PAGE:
Journal of
Infectious Diseases and Immunity

  • Abbreviation: J. Infect. Dis. Immun.
  • Language: English
  • ISSN: 2141-2375
  • DOI: 10.5897/JIDI
  • Start Year: 2009
  • Published Articles: 80

Full Length Research Paper

Efficacy of glucocorticoids in controlling leishmania major infecting Balb/c mice

Nyamao M. R
  • Nyamao M. R
  • Jomo Kenyatta University of Agriculture and Technology, Kenya.
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Zipporah O. Lagat
  • Zipporah O. Lagat
  • Department of Zoology, Jomo Kenyatta University of Agriculture and Technology, Kenya.
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Khayeka W. Christopher
  • Khayeka W. Christopher
  • Department of Zoology, Jomo Kenyatta University of Agriculture and Technology, Kenya.
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Bernard N. Jumba
  • Bernard N. Jumba
  • Department of Biological Sciences, University of Eldoret, Kenya
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Rebecca W. Waihenya
  • Rebecca W. Waihenya
  • Department of Zoology, Jomo Kenyatta University of Agriculture and Technology, Kenya.
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Robert Karanja
  • Robert Karanja
  • Centre for Biotechnology Research and Development, Kenya Medical Research Institute, Kenya.
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Bernard Osero Ong'ondo
  • Bernard Osero Ong'ondo
  • Centre for Biotechnology Research and Development, Kenya Medical Research Institute, Kenya.
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  •  Received: 11 February 2014
  •  Accepted: 29 April 2014
  •  Published: 31 May 2014

Abstract

Leishmaniasis is a growing health problem in many parts of the world. Efforts to find new chemotherapeutics for leishmaniasis remain a priority. This study was carried out to determine the effect of using glucocorticoid drugs to reduce production of chemokine production in a bid to control Leishmania major infection in BALB/c mice. A total of 48 mice were used. In the therapeutic arm (post-infection), 24 mice were infected with L. major parasites. Six were treated with dexamethasone (0.69 mg/ml), another six hydrocortisone (2 mg/ml), six lipopolysaccharide (LPS) (10 ng/ml) and six phosphate-buffered saline (PBS) for 28 days and lesion development monitored for five weeks. For immunoprophylaxia (pre-infection), 24 other mice were treated with the same drugs and then infected with L. major. LPS was used as the positive control while PBS was the negative. Serum samples were collected for cytokine analysis for MIP 1α, MCP 1 and IFNγ using enzyme linked immunosorbent assay (ELISA). Parasite quantification was done by calculating the leishmania donovan unit (LDU). Lesion measurement was done by use of a vernier caliper. Lesion sizes after infection of BALB/c mice were similar in all the chemotherapeutic experimental groups till the onset of therapeutic treatments (P > 0.05). At 0.5 months post-treatment, significant differences (P < 0.05) were discerned in the lesion sizes of the BALB/c mice in the control groups. Generally, hydrocortisone gave better results as compared to dexamethasone. Both hydrocortisone and dexamethasone resulted in substantial clearance of parasitemia from both the lesions on footpads and spleens of infected BALB/c mice. They also led to significantly reduced levels of MCP 1 and MIP-1α and high levels of IFN γ. We show that glucocorticoids substantially reduce parasitemia in Leishmania infected mice by decreasing production of MCP 1 and MIP-1α chemokines while increasing IFN γ levels. In this regard, a further investigation into the modes of action of the glucocorticoids and probably their efficacy against other Leishmania strains should be explored further.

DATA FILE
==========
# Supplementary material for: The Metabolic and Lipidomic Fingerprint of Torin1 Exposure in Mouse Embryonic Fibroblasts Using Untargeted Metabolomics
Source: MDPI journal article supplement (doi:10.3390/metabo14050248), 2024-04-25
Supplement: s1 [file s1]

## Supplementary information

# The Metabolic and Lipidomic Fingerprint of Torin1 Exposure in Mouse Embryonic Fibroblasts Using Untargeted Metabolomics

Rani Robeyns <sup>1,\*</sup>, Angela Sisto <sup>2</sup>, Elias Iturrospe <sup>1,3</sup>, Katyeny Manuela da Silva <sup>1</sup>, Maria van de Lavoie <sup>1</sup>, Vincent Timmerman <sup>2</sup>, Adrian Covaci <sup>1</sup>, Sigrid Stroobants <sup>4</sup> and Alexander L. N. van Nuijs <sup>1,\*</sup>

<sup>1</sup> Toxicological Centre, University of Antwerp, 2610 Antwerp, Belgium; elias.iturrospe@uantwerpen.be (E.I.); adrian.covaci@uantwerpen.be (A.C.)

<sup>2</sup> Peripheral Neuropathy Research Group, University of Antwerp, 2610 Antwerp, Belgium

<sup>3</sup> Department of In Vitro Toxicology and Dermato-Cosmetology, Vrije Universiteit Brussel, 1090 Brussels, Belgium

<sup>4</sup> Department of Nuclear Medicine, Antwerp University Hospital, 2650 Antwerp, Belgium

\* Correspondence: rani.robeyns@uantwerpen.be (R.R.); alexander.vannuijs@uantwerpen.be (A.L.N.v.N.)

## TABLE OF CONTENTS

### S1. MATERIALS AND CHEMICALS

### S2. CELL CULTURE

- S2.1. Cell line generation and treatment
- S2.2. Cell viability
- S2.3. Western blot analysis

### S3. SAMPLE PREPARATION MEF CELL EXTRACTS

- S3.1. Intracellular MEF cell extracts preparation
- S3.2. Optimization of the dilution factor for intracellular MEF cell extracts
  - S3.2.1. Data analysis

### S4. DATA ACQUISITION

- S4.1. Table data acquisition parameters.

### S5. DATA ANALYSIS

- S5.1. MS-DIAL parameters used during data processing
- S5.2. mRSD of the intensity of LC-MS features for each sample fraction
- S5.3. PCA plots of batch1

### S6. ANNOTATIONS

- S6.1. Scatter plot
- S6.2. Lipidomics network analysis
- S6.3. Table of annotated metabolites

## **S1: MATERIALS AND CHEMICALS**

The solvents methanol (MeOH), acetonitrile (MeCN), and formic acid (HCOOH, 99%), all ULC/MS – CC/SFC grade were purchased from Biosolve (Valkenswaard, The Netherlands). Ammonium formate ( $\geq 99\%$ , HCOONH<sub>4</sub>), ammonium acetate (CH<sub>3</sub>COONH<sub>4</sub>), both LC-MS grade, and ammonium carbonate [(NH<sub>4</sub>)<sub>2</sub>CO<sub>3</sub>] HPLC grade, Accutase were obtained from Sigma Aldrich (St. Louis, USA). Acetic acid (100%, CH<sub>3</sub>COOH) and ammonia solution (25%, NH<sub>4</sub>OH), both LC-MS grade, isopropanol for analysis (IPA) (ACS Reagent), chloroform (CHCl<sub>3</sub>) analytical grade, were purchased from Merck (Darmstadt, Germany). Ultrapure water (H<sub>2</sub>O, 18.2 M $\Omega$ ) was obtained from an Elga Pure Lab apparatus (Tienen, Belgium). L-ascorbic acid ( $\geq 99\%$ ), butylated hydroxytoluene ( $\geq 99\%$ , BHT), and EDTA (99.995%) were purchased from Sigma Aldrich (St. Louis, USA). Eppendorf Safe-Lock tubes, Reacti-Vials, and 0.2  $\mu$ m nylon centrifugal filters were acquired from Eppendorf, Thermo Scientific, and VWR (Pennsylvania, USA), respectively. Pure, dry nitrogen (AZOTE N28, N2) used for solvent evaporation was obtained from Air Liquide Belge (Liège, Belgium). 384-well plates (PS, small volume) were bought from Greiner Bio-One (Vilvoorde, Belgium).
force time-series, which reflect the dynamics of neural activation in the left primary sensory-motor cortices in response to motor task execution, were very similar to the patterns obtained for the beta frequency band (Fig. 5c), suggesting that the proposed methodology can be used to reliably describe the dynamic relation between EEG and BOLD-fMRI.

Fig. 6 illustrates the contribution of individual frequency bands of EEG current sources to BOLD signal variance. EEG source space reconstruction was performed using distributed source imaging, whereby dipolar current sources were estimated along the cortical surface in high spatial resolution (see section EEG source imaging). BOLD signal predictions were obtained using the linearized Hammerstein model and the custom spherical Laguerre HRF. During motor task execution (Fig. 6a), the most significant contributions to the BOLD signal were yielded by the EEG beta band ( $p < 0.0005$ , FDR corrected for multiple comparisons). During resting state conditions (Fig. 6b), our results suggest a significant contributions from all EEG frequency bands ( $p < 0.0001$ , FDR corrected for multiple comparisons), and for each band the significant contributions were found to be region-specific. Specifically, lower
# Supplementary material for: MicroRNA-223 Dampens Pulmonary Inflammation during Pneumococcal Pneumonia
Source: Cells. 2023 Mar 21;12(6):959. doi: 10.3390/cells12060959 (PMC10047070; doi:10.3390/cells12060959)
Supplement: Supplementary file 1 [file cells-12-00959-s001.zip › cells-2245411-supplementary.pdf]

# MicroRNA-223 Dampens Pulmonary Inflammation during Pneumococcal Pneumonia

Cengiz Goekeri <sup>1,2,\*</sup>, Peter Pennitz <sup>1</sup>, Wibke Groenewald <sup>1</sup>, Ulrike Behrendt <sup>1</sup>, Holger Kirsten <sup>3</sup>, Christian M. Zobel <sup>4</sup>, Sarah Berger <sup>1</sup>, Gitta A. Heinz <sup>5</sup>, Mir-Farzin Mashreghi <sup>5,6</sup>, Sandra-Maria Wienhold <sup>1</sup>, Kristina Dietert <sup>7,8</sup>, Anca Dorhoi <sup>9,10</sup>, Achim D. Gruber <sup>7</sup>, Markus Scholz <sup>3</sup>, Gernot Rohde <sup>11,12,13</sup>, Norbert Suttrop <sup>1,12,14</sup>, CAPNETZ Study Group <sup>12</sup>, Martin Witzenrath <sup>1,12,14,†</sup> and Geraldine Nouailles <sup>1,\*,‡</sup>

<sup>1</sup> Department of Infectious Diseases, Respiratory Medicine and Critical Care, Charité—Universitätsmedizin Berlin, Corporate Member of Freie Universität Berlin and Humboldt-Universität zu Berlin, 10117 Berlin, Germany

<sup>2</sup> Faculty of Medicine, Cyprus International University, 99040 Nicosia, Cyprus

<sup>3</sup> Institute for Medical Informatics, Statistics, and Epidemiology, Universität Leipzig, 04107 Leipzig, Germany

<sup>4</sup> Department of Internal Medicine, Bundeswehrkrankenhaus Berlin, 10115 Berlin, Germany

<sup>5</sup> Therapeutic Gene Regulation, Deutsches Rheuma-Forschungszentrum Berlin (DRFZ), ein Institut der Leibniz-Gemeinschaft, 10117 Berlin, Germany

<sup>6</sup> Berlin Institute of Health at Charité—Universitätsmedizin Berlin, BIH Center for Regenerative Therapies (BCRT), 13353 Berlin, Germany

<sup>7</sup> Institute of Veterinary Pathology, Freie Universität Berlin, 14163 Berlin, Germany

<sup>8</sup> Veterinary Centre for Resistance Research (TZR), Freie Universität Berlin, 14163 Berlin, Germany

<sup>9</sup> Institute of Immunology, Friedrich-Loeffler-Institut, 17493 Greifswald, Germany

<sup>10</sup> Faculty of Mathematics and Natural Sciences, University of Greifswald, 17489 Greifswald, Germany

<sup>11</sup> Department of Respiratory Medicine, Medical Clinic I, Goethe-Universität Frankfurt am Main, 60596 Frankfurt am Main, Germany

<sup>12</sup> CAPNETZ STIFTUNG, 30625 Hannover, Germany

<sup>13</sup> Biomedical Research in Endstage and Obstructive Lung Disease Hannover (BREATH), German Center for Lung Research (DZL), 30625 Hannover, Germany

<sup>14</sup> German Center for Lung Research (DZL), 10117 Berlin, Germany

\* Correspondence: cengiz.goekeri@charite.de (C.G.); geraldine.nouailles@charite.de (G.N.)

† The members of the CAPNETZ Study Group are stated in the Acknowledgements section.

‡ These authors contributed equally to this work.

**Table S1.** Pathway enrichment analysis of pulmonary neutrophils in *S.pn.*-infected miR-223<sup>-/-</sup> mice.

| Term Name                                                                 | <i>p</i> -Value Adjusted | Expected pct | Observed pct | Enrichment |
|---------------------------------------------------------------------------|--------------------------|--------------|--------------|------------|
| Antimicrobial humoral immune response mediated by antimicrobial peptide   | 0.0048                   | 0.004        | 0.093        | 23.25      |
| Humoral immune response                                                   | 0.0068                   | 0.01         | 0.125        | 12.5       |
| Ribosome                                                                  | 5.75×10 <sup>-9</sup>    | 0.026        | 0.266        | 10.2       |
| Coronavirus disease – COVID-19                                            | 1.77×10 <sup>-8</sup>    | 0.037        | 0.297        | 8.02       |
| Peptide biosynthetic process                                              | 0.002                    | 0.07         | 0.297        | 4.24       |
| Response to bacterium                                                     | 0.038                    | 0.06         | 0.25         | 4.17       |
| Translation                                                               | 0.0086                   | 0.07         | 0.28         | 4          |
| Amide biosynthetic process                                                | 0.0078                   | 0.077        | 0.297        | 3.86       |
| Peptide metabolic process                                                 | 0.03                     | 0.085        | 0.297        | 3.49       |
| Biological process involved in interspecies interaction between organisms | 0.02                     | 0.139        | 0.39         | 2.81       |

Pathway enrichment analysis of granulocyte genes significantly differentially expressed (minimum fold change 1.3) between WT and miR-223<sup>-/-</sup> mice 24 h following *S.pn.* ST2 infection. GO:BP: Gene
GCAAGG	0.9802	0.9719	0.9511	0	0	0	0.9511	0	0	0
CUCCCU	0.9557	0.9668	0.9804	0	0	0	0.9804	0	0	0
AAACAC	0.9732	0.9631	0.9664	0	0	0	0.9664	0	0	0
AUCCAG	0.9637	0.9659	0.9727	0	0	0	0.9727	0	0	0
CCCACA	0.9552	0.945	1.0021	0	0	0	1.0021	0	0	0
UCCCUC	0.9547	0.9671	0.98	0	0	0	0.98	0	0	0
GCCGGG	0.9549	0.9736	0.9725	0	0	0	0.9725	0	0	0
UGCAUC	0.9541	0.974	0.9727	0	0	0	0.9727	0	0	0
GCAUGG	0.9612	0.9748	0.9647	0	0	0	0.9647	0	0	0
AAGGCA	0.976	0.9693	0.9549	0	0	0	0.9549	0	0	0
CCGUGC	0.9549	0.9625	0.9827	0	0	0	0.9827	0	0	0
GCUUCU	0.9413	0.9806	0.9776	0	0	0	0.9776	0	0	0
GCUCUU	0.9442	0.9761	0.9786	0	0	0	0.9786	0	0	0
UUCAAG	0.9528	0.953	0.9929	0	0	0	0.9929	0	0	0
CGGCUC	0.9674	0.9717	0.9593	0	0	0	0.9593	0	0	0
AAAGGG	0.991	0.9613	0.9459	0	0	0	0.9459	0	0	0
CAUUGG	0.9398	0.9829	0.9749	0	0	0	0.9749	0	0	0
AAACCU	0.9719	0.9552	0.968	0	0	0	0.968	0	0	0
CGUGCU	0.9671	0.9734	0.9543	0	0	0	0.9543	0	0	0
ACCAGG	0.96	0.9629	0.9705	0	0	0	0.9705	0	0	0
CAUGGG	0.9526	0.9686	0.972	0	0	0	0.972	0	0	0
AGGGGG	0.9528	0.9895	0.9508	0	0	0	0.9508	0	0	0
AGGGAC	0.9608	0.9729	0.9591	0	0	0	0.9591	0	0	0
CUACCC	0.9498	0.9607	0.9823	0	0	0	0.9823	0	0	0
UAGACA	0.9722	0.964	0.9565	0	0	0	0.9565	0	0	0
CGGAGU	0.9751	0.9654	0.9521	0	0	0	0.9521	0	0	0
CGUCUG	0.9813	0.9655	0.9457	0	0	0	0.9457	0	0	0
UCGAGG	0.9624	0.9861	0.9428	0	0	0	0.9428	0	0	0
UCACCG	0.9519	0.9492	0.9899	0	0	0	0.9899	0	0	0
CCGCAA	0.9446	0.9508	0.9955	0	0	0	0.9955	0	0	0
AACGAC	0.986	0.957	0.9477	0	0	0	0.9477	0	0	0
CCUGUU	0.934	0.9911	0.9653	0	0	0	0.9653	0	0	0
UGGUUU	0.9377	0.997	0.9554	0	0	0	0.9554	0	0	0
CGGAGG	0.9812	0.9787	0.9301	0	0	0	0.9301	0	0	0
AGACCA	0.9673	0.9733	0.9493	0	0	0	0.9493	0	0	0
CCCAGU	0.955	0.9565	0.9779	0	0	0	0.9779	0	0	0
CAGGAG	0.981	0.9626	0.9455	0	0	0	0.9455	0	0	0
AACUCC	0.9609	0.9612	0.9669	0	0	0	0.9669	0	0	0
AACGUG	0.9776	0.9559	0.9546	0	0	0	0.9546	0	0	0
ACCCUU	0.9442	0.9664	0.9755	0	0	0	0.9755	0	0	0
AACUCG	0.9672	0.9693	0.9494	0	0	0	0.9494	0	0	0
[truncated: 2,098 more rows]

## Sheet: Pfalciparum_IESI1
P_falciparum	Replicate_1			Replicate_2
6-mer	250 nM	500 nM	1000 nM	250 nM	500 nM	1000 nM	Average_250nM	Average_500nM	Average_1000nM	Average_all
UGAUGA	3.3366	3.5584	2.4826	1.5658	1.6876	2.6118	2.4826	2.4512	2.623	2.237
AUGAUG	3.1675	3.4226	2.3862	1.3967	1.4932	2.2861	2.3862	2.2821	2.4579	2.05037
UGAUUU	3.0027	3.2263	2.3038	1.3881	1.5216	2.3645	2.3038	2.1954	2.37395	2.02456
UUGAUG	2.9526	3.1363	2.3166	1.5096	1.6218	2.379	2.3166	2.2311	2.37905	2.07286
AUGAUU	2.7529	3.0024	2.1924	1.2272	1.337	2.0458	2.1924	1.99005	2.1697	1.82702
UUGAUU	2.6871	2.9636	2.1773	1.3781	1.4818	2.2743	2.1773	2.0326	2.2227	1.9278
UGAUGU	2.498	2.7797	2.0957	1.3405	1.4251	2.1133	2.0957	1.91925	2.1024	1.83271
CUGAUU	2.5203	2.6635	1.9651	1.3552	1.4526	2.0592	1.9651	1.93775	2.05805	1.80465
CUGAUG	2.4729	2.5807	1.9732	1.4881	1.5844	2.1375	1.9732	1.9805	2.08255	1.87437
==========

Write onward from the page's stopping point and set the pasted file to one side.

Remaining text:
Key words: MIP-1α, MCP-1, dexamethasone, hydrocortisone, glucocorticoids (GCs), Leishmania.